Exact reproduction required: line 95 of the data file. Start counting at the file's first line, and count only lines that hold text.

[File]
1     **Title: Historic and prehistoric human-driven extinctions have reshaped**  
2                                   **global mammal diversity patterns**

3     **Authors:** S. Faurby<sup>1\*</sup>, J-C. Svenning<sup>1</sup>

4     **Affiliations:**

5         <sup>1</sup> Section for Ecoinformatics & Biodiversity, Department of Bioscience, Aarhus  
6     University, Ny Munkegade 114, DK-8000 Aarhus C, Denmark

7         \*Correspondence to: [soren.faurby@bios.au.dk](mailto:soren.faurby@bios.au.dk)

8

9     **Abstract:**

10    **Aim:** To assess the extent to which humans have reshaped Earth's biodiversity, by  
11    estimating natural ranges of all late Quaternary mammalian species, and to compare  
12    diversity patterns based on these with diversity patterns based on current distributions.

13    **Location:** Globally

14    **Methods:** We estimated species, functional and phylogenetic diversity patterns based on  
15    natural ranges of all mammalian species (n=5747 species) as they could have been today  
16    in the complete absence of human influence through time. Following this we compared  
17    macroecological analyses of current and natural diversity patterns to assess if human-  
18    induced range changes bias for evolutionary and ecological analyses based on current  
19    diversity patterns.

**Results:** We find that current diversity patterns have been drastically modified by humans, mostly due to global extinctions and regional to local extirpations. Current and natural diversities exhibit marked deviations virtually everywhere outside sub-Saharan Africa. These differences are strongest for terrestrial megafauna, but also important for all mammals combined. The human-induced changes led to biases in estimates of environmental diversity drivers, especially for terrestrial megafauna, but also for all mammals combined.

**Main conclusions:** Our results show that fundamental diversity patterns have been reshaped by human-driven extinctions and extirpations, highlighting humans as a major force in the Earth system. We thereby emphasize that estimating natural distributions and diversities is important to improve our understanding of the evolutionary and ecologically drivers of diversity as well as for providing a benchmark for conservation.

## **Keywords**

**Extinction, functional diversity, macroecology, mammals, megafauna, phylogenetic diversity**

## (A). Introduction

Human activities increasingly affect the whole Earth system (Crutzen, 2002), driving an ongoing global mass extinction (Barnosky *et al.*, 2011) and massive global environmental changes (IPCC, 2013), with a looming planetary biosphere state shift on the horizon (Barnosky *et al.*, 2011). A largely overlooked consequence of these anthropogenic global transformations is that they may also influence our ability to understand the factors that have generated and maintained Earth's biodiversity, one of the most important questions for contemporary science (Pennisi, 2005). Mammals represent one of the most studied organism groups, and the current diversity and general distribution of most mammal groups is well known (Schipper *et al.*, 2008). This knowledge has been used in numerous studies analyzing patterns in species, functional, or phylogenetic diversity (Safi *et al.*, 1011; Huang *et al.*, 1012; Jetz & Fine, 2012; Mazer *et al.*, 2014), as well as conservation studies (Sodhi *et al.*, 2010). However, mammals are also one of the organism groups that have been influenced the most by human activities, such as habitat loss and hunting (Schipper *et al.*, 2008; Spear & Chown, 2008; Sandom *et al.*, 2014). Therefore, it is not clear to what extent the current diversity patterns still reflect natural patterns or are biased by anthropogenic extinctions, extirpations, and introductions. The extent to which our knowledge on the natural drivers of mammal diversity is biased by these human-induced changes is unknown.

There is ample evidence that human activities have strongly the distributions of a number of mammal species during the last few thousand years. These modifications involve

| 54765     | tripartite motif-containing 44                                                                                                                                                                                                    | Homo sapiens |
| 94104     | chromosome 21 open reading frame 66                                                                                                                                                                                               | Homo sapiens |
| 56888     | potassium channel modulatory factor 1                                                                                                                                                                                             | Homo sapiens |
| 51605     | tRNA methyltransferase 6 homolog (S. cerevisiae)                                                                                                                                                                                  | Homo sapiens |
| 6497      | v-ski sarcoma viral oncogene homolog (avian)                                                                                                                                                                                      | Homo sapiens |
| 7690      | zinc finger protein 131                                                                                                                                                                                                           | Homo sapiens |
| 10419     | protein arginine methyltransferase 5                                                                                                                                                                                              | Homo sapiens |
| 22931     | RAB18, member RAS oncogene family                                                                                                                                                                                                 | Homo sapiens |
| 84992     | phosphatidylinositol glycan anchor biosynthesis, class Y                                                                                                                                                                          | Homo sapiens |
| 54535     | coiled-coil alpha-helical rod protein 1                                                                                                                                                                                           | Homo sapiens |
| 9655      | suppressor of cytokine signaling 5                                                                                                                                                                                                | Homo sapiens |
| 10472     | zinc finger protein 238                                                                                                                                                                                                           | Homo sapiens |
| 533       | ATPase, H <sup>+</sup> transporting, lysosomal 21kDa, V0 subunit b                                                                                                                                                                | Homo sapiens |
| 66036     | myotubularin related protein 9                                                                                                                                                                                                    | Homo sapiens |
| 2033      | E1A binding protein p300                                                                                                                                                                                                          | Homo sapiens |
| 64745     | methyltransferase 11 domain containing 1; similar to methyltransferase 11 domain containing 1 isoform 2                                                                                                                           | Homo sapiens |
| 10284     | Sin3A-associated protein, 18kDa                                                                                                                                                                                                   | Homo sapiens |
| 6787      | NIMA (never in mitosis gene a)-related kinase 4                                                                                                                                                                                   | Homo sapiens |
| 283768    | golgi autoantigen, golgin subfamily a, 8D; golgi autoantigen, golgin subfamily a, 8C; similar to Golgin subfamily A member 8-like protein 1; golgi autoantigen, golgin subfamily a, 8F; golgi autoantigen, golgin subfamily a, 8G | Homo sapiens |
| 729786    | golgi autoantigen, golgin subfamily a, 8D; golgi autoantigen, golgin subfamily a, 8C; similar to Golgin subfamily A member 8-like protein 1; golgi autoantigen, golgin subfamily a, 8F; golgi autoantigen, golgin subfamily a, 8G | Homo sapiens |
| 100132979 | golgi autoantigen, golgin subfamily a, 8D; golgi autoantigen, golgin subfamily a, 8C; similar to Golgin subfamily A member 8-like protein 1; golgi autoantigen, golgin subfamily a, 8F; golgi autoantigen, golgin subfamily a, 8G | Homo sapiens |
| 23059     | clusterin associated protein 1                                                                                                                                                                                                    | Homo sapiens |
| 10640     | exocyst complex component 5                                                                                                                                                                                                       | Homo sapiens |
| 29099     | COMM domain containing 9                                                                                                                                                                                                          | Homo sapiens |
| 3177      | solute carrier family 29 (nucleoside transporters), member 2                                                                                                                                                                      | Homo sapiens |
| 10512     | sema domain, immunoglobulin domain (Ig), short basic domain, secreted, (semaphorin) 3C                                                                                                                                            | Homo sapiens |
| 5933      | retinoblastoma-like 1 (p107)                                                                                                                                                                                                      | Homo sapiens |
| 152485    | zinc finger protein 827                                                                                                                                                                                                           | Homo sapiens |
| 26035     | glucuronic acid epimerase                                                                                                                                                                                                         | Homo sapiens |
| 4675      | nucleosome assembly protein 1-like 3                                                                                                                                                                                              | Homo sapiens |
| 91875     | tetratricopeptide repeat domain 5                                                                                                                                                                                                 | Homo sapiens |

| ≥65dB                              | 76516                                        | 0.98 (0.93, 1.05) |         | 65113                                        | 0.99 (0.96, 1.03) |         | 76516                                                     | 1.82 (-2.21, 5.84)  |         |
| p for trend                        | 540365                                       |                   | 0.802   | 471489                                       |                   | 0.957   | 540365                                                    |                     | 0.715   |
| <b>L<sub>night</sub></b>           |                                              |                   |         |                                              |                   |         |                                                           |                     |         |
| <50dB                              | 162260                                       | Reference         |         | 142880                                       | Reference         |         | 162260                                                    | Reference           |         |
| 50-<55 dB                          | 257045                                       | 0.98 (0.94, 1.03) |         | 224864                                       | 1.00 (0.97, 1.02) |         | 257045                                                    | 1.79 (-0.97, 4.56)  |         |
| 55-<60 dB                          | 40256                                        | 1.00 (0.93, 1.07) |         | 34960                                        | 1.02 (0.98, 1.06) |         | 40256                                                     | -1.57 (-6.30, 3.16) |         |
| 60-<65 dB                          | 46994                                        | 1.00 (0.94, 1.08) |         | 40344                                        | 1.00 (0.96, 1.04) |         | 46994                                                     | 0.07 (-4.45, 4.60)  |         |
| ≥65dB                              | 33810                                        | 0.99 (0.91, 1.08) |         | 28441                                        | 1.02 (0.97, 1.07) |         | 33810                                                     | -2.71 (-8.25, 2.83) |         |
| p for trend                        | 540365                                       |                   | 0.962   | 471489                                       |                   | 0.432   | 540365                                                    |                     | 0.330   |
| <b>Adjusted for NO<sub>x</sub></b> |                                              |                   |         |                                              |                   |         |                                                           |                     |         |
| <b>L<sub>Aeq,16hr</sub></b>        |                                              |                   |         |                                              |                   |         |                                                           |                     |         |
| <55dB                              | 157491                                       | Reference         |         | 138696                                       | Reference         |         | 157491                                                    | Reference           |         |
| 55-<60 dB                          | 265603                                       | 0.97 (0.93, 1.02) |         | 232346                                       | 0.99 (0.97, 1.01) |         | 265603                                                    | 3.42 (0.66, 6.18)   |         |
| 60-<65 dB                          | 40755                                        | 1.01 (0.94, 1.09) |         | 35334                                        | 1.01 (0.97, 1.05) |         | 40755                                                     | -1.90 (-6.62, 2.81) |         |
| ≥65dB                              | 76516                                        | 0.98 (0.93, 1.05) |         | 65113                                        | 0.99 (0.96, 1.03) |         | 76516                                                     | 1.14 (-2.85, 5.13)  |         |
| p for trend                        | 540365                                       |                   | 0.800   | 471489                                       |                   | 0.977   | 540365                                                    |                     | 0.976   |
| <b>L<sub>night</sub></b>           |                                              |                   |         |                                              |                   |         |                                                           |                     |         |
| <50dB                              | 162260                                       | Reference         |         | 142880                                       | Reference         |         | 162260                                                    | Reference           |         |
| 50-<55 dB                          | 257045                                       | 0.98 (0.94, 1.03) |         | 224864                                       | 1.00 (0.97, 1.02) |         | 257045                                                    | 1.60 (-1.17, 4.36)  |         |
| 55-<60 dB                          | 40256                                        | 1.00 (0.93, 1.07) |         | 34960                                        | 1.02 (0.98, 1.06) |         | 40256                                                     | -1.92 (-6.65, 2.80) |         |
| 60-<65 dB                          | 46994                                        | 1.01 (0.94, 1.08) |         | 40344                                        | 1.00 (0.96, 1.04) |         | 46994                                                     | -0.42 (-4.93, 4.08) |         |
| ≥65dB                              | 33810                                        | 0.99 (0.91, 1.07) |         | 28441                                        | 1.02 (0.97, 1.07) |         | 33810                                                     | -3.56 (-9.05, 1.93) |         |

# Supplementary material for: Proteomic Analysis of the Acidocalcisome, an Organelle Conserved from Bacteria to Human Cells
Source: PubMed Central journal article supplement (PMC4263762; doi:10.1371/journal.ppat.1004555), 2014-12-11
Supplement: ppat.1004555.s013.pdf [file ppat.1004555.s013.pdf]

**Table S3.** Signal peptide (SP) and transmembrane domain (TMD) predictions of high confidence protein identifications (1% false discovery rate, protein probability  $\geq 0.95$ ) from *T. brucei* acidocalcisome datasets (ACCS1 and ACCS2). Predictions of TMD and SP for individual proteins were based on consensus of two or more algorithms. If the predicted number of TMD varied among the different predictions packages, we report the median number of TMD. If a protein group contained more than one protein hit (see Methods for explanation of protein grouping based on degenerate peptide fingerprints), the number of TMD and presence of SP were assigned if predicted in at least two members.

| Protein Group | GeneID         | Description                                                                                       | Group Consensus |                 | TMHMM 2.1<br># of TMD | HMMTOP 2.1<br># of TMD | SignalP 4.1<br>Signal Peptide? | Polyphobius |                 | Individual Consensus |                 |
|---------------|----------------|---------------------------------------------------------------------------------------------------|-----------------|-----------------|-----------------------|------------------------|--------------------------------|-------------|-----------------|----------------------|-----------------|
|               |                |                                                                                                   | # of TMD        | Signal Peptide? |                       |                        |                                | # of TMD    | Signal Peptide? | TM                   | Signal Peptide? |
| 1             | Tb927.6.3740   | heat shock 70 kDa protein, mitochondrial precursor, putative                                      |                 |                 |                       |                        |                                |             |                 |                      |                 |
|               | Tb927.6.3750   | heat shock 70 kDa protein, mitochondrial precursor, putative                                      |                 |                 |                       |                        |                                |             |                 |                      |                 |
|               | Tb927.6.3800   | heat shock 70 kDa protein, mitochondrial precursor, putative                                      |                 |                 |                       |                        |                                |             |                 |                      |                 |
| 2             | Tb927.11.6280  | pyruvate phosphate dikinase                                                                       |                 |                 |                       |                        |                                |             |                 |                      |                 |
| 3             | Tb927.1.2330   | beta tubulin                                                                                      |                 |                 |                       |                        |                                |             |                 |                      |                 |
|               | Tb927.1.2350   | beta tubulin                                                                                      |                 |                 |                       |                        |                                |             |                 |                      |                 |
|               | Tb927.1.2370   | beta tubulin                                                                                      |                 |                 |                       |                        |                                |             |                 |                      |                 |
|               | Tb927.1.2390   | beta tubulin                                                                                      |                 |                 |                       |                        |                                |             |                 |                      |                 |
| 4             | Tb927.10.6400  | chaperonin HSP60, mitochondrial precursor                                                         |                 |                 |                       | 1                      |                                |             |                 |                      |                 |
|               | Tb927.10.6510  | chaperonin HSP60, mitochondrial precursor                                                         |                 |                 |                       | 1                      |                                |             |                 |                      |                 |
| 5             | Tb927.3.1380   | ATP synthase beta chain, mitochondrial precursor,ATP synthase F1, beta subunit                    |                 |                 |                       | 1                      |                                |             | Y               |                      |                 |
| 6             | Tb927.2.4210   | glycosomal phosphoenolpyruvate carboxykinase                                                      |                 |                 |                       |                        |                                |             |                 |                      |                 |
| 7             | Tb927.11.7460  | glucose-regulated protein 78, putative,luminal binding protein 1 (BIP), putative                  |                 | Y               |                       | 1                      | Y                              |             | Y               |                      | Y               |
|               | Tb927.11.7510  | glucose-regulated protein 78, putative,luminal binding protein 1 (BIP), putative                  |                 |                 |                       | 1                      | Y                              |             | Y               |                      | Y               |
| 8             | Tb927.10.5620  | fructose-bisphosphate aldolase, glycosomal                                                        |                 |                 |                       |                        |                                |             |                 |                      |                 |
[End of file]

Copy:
| 4             | Tb927.10.6400  | chaperonin HSP60, mitochondrial precursor                                                         |                 |                 |                       | 1                      |                                |             |                 |                      |                 |